On November 19, 1992, GAF submitted to MADEP groundwater samples from the vicinity of theburied rail car. These data indicate that the rail car had not affected the groundwater. Twenty-threegroundwater monitoring wells are also located throughout the GAF property boundary and aretested frequently. The groundwater sampling data do not indicate that the saturator is a source ofgroundwater contamination. According to GAF, the only solvent used to clean the saturator waskerosene.

  1. Is there an explanation why the test well sampling was interrupted by obstructions placed bythe owner? Is there an explanation why the plume of contaminants is traveling northwestfrom the release site as opposed to the northeast travel of groundwater?

ATSDR is not aware of owner-related obstructions to monitoring well testing. There are severalpublicly available reports dating from 1990 that show the groundwater test results of the on-sitemonitoring wells. Each map that ATSDR reviewed showed the groundwater contamination plumegenerally flowing in a northeast direction. Note that some variability in groundwater flow is possibledepending on weather conditions (i.e., rainfall levels).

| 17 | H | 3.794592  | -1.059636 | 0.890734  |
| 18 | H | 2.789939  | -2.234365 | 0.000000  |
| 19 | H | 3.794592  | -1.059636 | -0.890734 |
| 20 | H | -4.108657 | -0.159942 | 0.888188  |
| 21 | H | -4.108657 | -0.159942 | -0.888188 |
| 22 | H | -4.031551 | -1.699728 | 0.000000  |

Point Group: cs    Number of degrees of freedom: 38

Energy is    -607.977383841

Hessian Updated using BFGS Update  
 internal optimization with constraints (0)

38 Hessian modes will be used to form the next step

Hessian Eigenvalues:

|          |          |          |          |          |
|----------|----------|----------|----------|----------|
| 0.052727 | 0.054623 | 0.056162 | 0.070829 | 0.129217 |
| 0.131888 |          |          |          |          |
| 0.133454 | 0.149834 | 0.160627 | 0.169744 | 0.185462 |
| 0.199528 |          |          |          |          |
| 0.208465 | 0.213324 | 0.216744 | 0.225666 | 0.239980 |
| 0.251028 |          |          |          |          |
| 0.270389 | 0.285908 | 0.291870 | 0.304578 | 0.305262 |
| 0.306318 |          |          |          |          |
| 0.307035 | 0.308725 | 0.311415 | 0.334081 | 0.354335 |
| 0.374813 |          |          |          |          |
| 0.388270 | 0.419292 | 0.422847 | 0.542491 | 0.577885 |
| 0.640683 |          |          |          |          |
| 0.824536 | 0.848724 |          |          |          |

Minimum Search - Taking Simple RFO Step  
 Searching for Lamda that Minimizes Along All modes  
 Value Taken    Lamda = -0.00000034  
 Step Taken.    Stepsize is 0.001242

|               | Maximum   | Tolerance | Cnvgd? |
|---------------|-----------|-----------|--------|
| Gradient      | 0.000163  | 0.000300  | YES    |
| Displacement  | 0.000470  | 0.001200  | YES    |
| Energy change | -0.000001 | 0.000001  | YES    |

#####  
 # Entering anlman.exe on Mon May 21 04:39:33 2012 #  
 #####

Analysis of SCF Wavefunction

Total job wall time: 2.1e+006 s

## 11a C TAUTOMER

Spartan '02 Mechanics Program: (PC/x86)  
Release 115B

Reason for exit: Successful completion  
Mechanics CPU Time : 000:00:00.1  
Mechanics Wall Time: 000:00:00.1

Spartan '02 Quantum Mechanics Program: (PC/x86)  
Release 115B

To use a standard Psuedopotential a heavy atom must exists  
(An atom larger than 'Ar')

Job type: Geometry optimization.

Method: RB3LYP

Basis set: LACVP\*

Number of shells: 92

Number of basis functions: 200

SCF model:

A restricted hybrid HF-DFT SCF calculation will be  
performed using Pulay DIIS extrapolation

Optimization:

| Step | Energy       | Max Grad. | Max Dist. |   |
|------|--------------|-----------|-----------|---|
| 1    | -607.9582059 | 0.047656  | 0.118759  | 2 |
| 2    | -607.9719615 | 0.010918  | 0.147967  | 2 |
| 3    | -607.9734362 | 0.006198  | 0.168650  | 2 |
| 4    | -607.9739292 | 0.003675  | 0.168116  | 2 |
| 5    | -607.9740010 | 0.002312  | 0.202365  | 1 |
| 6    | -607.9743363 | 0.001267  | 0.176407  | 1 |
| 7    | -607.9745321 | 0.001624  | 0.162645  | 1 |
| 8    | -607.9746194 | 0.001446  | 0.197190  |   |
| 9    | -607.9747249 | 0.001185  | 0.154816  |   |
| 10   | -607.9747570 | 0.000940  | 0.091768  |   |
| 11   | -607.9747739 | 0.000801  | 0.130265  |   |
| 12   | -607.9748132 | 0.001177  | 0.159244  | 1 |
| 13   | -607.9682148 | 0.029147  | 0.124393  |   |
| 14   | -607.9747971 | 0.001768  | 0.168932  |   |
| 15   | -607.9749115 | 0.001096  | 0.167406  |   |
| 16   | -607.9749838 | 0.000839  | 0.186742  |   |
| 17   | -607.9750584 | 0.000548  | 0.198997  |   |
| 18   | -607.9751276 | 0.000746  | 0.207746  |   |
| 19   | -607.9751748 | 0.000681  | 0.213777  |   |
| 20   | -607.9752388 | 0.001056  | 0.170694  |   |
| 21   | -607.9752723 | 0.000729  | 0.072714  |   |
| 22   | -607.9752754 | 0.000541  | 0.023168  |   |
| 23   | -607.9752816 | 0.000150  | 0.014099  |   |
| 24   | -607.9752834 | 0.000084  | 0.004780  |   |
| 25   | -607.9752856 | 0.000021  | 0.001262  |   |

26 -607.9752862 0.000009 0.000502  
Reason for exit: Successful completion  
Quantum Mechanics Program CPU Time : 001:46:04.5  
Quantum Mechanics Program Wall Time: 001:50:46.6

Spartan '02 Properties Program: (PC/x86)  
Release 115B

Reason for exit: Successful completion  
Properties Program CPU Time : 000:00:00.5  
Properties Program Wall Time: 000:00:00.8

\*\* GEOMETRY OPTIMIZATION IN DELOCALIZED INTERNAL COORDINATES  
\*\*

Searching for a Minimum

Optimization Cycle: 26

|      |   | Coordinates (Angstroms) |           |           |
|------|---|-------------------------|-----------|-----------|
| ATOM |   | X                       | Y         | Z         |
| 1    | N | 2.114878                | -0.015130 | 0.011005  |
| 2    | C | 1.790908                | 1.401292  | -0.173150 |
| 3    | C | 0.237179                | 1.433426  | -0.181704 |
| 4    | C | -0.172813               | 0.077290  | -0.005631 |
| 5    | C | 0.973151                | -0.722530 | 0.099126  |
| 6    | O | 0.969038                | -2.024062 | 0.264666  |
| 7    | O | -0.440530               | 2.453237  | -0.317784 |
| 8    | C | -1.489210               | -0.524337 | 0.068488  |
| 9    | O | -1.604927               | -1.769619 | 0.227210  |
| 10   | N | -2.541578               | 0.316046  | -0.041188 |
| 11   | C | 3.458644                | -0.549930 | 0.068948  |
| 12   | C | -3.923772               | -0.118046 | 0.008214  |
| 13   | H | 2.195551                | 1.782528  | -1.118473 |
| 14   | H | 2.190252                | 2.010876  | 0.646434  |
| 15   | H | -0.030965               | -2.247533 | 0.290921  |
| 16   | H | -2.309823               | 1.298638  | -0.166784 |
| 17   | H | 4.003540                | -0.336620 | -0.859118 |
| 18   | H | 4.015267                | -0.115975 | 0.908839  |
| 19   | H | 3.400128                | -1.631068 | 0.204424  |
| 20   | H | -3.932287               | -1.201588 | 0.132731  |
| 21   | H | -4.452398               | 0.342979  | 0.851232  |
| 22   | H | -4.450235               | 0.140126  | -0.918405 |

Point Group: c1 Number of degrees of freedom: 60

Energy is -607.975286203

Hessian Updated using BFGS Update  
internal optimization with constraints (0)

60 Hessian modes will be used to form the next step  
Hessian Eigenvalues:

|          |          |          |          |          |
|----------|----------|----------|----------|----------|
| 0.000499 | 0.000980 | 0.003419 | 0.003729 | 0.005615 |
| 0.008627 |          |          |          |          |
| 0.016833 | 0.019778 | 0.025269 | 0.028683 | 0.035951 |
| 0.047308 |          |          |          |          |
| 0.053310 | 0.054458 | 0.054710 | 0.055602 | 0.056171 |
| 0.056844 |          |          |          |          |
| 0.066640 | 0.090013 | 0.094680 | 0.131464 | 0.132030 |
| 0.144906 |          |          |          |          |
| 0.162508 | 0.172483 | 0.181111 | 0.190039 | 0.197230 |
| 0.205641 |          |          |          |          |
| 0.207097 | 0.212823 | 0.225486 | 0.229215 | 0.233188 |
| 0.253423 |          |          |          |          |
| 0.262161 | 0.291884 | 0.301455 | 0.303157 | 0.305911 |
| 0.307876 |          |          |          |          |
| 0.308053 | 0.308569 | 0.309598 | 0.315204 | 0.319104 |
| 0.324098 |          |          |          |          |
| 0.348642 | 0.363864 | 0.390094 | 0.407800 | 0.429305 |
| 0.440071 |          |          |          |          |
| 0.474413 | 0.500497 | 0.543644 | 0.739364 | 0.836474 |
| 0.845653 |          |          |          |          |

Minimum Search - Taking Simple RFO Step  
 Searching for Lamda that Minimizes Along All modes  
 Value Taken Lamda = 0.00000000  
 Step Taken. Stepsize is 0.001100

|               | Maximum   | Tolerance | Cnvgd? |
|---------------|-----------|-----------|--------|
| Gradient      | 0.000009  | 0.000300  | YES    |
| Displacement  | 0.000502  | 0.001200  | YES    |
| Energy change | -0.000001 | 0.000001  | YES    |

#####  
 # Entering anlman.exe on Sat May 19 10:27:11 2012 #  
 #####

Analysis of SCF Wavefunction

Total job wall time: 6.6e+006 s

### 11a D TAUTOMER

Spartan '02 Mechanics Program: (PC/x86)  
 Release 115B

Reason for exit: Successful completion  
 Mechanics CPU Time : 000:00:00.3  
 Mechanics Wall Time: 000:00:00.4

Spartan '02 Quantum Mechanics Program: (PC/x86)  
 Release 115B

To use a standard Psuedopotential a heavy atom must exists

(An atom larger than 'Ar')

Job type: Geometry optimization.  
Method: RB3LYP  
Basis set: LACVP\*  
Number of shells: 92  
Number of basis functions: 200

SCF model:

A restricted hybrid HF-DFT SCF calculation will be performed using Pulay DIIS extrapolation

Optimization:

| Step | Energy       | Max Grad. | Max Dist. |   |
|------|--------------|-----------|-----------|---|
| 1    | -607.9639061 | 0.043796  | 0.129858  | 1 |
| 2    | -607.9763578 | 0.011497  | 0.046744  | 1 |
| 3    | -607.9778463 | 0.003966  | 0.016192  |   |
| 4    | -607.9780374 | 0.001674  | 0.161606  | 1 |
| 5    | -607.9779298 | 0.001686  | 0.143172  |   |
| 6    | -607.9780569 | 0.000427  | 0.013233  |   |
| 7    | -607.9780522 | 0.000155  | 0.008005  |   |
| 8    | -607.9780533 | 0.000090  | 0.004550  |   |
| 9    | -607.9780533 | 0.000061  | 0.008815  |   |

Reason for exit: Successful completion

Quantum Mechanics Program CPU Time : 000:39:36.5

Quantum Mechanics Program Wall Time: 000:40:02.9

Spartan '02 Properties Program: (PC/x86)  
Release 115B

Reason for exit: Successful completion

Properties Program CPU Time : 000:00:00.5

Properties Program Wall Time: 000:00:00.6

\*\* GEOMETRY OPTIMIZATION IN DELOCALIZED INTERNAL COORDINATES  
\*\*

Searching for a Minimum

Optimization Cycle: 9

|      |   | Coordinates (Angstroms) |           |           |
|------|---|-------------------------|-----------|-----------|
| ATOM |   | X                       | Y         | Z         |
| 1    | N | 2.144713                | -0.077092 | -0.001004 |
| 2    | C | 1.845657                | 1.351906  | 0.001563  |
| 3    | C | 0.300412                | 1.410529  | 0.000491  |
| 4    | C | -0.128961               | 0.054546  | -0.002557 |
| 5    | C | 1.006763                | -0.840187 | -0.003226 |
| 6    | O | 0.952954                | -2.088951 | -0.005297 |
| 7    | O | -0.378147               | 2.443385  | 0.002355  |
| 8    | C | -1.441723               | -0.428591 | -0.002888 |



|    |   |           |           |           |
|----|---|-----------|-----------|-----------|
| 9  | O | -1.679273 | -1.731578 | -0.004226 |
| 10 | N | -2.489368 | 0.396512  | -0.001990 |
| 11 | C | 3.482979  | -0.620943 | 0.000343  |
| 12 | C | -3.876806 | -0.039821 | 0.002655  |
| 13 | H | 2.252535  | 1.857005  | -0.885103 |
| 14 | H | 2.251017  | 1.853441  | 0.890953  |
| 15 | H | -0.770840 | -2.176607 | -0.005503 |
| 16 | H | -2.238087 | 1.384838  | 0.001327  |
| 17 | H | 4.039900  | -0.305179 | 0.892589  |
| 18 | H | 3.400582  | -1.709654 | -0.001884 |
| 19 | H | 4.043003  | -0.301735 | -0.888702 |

1. Why are there no test wells along the southern boundary of the site?

There are five monitoring wells along the southern perimeter of GAF property; GT-10, GT-8, GT-7,GT-3, and GT-1. However, most of the monitoring wells are located downgradient of thegroundwater flow path and around the groundwater contaminant plume.

  1. What are the risks of PAHs associated with the contamination?

ATSDR is assuming this comment is referring to health risks associated with the ingestion of PAHcontaminated groundwater at GAF. There is no risk to PAH contaminated groundwater related toGAF because there is no known human exposure to this groundwater. Monitoring wells are not used as a potable water source.

  1. Air stripping of municipal wells 1 & 2: Does the water merely go through a stack, mix with air and release the VOCs back into the ecosystem?